The tepid response from Delhi strengthened the hand of the Pakistan lobby in the US legislature. The United States continued to court Pakistan beyond a level India was comfortable with to the detriment of the latter’s position in Afghanistan. Unfortunate misunderstandings such as the Khobragade affair soured relations even further between two countries that were both already disappointed with each other. Ironically, the US denial of a visa to present prime minister, Narendra Modi, in 2005 turned out to be almost a non-issue despite the media painting it as a bit of a train wreck in the run-up to India’s general elections in May 2014. There have been disagreements over the sale of some military equipment but that has been largely due to India’s refusal to sign what the Americans call ‘foundational documents.’ These agreements allow the United States to verify that India is indeed the sole end user of the equipment that is sold to them and that they are not selling it to anyone else. The agreements also allow the US and Indian militaries to work in a more integrated manner in their zones of mutual interest. However, India has refused to accept such close scrutiny or linkages and as a result has been refused some equipment and has been given more primitive versions of other systems.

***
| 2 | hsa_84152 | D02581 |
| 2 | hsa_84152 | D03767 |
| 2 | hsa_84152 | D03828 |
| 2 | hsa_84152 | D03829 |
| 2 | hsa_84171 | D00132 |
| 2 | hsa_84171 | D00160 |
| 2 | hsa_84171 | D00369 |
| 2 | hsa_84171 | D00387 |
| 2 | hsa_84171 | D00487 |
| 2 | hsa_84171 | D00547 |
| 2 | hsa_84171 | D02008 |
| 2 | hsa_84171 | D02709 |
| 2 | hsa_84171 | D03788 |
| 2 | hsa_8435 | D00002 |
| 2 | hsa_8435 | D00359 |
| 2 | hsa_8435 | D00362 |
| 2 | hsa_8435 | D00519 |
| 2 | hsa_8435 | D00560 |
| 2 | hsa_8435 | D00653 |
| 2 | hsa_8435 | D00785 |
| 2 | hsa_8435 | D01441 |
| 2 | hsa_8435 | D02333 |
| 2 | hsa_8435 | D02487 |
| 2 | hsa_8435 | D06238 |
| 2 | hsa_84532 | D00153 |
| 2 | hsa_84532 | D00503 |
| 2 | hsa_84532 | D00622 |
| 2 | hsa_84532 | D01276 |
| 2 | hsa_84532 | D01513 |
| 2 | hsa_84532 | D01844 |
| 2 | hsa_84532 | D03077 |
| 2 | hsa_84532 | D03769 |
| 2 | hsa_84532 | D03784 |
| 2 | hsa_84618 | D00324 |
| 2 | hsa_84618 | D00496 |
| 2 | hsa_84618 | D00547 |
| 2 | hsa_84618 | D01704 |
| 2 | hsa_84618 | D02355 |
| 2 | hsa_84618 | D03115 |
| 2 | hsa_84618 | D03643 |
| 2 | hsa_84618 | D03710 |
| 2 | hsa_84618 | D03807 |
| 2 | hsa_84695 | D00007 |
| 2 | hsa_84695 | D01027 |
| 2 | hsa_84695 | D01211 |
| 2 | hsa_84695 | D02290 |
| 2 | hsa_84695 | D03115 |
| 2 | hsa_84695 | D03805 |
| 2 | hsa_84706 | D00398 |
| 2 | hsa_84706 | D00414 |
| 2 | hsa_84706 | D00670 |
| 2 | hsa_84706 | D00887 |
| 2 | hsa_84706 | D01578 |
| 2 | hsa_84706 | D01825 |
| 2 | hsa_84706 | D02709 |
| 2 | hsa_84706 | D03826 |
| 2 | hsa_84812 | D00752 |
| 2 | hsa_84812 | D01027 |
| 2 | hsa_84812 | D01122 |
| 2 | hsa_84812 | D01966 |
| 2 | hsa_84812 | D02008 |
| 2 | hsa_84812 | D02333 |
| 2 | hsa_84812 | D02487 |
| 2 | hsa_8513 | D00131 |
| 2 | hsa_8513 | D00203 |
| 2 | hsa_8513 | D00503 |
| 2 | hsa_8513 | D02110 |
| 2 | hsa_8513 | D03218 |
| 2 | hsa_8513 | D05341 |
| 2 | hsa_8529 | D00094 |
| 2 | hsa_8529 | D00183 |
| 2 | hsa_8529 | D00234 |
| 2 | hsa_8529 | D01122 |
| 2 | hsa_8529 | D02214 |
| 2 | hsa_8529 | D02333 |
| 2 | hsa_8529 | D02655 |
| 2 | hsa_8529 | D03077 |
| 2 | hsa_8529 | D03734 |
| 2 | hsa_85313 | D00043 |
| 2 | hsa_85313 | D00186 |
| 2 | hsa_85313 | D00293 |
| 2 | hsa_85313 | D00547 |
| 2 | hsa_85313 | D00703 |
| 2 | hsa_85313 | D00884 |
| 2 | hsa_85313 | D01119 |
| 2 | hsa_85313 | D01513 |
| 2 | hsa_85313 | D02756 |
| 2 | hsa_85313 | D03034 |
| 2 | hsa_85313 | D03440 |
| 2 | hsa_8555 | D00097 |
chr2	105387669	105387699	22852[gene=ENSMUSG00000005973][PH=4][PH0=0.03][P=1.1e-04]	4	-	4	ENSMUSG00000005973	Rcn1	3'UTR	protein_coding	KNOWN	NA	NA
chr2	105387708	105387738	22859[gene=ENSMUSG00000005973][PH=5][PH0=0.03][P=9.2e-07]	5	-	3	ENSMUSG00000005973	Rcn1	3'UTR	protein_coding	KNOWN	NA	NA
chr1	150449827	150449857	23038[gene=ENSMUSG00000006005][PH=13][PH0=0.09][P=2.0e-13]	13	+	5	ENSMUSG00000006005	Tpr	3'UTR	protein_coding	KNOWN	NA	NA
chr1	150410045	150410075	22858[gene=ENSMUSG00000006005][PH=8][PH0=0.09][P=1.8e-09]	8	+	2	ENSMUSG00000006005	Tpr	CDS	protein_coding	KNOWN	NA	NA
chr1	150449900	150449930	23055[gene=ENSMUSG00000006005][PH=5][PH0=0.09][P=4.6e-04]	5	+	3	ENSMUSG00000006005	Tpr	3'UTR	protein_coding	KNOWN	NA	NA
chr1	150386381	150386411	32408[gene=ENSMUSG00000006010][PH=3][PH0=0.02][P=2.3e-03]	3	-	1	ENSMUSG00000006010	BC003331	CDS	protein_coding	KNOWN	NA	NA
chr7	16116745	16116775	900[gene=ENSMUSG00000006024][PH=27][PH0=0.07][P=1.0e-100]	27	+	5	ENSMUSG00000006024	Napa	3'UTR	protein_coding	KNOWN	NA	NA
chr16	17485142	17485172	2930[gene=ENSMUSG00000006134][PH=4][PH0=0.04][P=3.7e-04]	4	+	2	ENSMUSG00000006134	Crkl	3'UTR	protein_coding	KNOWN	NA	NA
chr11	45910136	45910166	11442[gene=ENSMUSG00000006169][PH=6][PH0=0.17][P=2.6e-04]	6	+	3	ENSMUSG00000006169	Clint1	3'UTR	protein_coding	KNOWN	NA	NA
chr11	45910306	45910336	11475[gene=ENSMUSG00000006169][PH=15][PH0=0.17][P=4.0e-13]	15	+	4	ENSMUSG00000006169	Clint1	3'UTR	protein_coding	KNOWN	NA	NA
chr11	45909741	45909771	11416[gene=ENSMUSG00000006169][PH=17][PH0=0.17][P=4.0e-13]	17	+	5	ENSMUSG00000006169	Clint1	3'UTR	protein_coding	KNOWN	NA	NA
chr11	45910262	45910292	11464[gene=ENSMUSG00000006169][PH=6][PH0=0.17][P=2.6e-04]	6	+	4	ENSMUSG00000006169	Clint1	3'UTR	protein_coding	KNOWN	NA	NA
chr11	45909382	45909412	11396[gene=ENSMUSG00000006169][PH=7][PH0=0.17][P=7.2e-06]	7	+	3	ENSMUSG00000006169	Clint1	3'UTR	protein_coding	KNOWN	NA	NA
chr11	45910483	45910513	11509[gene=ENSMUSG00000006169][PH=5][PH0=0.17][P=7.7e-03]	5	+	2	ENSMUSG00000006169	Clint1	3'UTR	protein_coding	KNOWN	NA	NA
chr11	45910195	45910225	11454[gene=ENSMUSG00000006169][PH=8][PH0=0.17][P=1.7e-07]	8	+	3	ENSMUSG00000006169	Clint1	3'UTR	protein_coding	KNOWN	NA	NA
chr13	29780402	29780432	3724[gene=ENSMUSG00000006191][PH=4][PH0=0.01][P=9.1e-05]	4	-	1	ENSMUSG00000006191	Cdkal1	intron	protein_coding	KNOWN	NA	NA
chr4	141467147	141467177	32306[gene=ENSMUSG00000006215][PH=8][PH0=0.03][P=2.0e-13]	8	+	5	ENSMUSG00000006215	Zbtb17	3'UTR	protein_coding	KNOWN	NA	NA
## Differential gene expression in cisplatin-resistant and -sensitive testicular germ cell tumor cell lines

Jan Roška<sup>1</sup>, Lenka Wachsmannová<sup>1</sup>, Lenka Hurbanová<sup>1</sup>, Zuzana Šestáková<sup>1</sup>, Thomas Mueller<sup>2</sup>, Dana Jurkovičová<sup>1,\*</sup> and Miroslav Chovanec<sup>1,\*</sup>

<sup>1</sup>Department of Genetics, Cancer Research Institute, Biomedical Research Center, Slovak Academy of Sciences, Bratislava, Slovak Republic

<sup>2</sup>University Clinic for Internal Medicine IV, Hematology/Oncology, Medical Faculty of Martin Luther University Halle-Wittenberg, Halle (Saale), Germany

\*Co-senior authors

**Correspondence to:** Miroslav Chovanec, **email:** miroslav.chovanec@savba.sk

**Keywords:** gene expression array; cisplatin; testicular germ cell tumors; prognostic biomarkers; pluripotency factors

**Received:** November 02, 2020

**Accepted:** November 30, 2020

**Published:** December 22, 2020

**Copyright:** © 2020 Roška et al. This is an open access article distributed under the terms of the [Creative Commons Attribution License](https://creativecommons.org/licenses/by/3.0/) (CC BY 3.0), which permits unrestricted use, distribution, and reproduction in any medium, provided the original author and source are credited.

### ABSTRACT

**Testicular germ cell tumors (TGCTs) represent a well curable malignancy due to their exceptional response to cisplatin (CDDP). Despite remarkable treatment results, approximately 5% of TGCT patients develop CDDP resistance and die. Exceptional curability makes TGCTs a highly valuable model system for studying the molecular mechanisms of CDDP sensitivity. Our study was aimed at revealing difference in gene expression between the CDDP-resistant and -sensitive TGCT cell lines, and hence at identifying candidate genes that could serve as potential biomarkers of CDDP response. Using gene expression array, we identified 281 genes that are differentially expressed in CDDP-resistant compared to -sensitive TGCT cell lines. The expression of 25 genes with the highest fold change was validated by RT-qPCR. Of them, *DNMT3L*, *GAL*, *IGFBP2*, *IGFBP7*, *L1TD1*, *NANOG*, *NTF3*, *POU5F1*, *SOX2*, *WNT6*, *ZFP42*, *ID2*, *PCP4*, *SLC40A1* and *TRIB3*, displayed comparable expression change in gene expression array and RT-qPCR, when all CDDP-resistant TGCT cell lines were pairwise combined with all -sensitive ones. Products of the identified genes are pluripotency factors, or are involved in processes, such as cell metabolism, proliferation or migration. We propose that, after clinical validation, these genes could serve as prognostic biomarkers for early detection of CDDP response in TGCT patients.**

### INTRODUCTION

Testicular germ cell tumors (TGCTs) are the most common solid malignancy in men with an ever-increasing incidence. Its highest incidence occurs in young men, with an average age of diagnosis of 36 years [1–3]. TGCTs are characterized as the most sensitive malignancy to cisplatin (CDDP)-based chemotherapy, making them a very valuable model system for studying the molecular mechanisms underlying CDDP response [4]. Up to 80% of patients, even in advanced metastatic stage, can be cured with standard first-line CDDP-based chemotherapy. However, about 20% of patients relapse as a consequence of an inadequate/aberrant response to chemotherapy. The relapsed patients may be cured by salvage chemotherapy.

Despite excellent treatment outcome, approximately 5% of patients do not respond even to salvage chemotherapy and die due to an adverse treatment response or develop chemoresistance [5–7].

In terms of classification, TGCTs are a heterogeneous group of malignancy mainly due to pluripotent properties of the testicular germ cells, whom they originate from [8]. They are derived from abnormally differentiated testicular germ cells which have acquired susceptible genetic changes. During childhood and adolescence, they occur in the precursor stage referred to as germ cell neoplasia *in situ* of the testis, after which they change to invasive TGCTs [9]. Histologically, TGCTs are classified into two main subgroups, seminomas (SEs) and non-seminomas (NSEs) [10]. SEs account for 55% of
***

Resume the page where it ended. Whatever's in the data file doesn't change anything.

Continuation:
The nuclear deal was supposed to signify a change in mindset and be the dawn of a new era in Indo-US relations. It was not just about the sale of reactors and nuclear fuel but about a common vision of a new world order. Almost upon its tenth anniversary, we see that those dreams have not yet taken off. For all the effort that went behind making the Indo-US deal – special waiver for India from the Nuclear Suppliers Group, an India-specific Additional Protocol from the International Atomic Energy Agency, the amendment of domestic laws in at least a couple of countries – no one has anything to show for it. If anything, the nuclear deal is an epitaph to unbridled optimism and faith in reason in the realm of international affairs. As PG Wodehouse wrote in My Man Jeeves, “…it’s always just when a chappie is feeling particularly top-hole, and more than usually braced with things in general that Fate sneaks up behind him with a bit of lead piping.”